We started very early in the morning, Daddy Aleck driving, with baskets packed with lunch for the day and provisions to cook, for we expected to stay three or four days. The drive of thirty miles was charming until it got too hot, and we stopped under a tree by a spring, took out the horses and tied them in the shade and had our lunch, and rested until it became a little cooler. Loch Adèle, as we girls had named the farm, was a very pretty place with a mill and large pond, which we dignified into a loch, much to papa’s amusement. A pretty rolling country, and the Pee Dee River, called the Yadkin as soon as it passed the line from South to North Carolina, ran a small rocky stream about a mile from the rambling farmhouse. Flats had brought supplies in large quantities up the river from Chicora, and most of{214} the Charleston furniture had been brought by rail to Cheraw, fifteen miles away, and hauled out to this place, so that the house was thoroughly furnished, pictures hanging on the walls, because it seemed better than to keep them packed. The two lovely bas-reliefs of Thorwaldsen’s, “Night” and “Morning,” looked especially beautiful hanging on the white walls of the drawing-room, and the whole place was homelike and delightful with our Charleston belongings. And the poor negroes were so glad to see us and to realize that “Miss” was going to look after them and to the best of her ability take “Maussa’s” place. They wanted to hear all about papa’s illness and death and the funeral, and who had been honored by taking special place in it. Mamma was interviewed by each one separately, and had to repeat all the details over and over. She was very patient, to my great surprise, and, I think, to the people’s, too, for she had never been as willing to listen to their long rigmaroles as papa had been. But now she listened to all and consoled them and wept with them over their mutual loss. Altogether the visit did us both good.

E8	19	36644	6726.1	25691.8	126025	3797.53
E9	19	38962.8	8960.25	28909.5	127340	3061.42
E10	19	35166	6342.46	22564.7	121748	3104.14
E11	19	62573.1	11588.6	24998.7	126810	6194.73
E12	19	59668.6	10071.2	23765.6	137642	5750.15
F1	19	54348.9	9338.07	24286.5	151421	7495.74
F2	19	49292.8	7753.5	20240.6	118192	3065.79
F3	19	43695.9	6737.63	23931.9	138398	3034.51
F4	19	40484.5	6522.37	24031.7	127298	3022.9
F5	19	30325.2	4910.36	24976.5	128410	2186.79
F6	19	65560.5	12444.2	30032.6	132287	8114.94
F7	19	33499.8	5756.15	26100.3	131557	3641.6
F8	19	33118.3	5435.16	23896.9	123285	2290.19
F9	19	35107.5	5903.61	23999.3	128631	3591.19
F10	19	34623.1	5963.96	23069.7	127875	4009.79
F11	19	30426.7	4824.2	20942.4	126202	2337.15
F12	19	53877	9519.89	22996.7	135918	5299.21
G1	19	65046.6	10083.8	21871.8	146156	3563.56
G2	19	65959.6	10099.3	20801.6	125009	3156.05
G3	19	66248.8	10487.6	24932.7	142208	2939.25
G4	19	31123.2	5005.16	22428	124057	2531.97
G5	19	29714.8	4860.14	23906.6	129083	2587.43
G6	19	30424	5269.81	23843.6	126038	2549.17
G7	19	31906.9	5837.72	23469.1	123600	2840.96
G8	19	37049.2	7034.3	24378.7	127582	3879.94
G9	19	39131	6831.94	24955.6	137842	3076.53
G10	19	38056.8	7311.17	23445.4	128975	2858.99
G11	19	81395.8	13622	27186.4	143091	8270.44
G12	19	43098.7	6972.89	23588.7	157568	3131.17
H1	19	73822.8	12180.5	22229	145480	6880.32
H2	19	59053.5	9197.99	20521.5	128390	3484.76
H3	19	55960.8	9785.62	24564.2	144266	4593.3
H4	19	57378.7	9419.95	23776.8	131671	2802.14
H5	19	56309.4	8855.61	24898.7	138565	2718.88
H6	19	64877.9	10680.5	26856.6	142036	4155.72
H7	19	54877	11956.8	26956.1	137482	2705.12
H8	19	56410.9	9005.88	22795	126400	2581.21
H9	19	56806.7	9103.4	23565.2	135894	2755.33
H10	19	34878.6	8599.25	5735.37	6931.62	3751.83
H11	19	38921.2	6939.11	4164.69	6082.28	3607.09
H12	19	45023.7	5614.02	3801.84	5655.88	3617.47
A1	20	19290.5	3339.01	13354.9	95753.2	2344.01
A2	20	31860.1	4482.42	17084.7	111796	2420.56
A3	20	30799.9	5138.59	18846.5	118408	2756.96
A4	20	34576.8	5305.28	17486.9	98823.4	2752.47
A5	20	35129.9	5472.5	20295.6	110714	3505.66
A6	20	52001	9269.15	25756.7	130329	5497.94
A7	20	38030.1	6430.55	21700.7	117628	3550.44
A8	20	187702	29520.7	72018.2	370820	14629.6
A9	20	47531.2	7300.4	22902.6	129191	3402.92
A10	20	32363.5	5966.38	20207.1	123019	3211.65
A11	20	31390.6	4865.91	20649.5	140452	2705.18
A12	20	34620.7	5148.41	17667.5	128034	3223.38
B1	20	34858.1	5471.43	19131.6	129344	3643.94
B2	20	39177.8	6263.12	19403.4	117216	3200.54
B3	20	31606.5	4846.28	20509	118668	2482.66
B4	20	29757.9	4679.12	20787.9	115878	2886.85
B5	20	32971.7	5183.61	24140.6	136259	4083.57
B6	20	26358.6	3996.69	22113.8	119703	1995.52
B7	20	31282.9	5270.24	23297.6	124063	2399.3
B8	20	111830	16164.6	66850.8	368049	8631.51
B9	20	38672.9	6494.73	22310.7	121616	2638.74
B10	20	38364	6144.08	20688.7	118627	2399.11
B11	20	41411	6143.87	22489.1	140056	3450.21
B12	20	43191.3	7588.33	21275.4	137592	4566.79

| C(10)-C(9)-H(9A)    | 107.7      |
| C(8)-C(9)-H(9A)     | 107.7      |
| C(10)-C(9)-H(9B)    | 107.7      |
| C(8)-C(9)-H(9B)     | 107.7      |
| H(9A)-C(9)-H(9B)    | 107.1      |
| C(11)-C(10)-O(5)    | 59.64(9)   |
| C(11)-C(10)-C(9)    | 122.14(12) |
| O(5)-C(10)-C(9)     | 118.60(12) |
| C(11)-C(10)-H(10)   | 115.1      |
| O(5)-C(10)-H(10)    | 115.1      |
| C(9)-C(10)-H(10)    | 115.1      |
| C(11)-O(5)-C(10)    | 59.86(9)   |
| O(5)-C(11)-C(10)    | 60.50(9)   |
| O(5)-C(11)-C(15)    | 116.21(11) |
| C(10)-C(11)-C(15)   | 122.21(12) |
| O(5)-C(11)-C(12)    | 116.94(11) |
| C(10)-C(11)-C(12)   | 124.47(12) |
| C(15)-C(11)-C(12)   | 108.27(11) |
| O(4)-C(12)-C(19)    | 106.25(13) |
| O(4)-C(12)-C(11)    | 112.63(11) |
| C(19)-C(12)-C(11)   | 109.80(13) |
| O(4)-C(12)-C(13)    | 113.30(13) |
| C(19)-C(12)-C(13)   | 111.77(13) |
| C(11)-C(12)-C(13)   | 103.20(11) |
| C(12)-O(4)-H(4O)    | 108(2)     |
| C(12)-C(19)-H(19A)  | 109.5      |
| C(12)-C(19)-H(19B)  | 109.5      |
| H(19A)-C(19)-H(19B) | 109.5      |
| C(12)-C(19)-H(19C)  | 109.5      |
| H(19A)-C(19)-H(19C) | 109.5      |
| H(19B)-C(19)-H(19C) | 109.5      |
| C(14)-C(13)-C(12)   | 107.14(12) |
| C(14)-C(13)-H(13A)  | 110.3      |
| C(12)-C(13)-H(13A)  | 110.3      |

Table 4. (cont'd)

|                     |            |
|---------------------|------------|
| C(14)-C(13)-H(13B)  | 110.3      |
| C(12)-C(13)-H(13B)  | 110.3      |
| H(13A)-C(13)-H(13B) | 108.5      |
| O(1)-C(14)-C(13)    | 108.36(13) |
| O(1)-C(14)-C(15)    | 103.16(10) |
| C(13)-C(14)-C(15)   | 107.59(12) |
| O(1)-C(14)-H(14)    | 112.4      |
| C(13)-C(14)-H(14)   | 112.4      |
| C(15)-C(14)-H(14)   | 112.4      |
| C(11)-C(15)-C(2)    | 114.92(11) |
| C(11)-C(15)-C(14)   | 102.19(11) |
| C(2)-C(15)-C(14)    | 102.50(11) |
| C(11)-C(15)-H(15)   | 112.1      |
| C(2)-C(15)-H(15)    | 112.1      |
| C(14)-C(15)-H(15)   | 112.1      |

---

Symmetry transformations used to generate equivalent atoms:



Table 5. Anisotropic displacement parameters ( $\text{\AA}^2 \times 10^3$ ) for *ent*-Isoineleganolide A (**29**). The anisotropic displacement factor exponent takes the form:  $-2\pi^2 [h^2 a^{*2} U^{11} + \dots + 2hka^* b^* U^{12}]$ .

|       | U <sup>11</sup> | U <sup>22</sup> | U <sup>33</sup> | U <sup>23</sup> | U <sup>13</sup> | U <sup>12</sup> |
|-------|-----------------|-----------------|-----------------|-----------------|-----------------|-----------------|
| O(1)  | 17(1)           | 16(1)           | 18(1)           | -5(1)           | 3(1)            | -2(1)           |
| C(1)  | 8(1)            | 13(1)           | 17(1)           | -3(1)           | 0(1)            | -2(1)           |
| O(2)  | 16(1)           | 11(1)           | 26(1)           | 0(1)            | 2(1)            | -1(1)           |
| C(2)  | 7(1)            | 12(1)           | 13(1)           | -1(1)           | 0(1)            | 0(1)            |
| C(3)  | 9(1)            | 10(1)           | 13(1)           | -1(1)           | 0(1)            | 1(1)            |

Old Daddy Hamedy, who was head man on the place, had been a first-class carpenter and still{215} was, but when there was needed some one to take supervision of the farm and people up there, papa chose him on account of his character and intelligence. Papa had engaged a white man, a Mr. Yates, who lived some miles away, to give an eye to the place from time to time and write him how things went on, and Hamedy was to apply to Mr. Yates if anything went wrong. He was originally from the North, but he had bought a farm near the little town of Morven some years before, and lived here ever since. Mamma sent to ask Mr. Yates to come and see her, and he came. He was a very smart man, but impressed me most unpleasantly as unreliable and unscrupulous, as I watched him talking to mamma. He evidently felt that, papa being gone, his time had come, and was quite sure he could manage my mother easily. He was most flattering in his admiration, which was not surprising, for my mother was beautiful in her plain black frock and widow’s cap.

In trying to make easy conversation as he sat and talked to us, he asked: “Miss Allston, do you smoke?”

In some surprise my mother answered: “No, I have never smoked.”

“Well, well,” he said. “You wouldn’t find{216} another lady of your age in this country that didn’t smoke.”

This 杭州油压可以干 nearly upset my gravity, for the idea of my mother’s smoking was too much for me, and I went out down to the mill-pond. Into this lake my father had had rolled many hogsheads packed securely with bottles of old Madeira wine, as being the best chance of saving them from the Yankees. They were certainly not safe at Chicora Wood, only about twenty miles from the mouth of Winyah Bay, when gunboats could run up from the sea so easily. So the wine was packed and shipped by his flats in charge of faithful men. I remember when the flats were going, on one occasion, papa wanted to send up a very beautiful marble group of “The Prodigal Son,” which was always in the drawing-room at Chicora, and he called in Joe Washington, who was to take charge of the flat, to look at it, and told him that he would have it carefully packed by the 杭州龙凤兼职论坛 carpenter, and he wanted him to be specially careful of it; whereupon Joe said: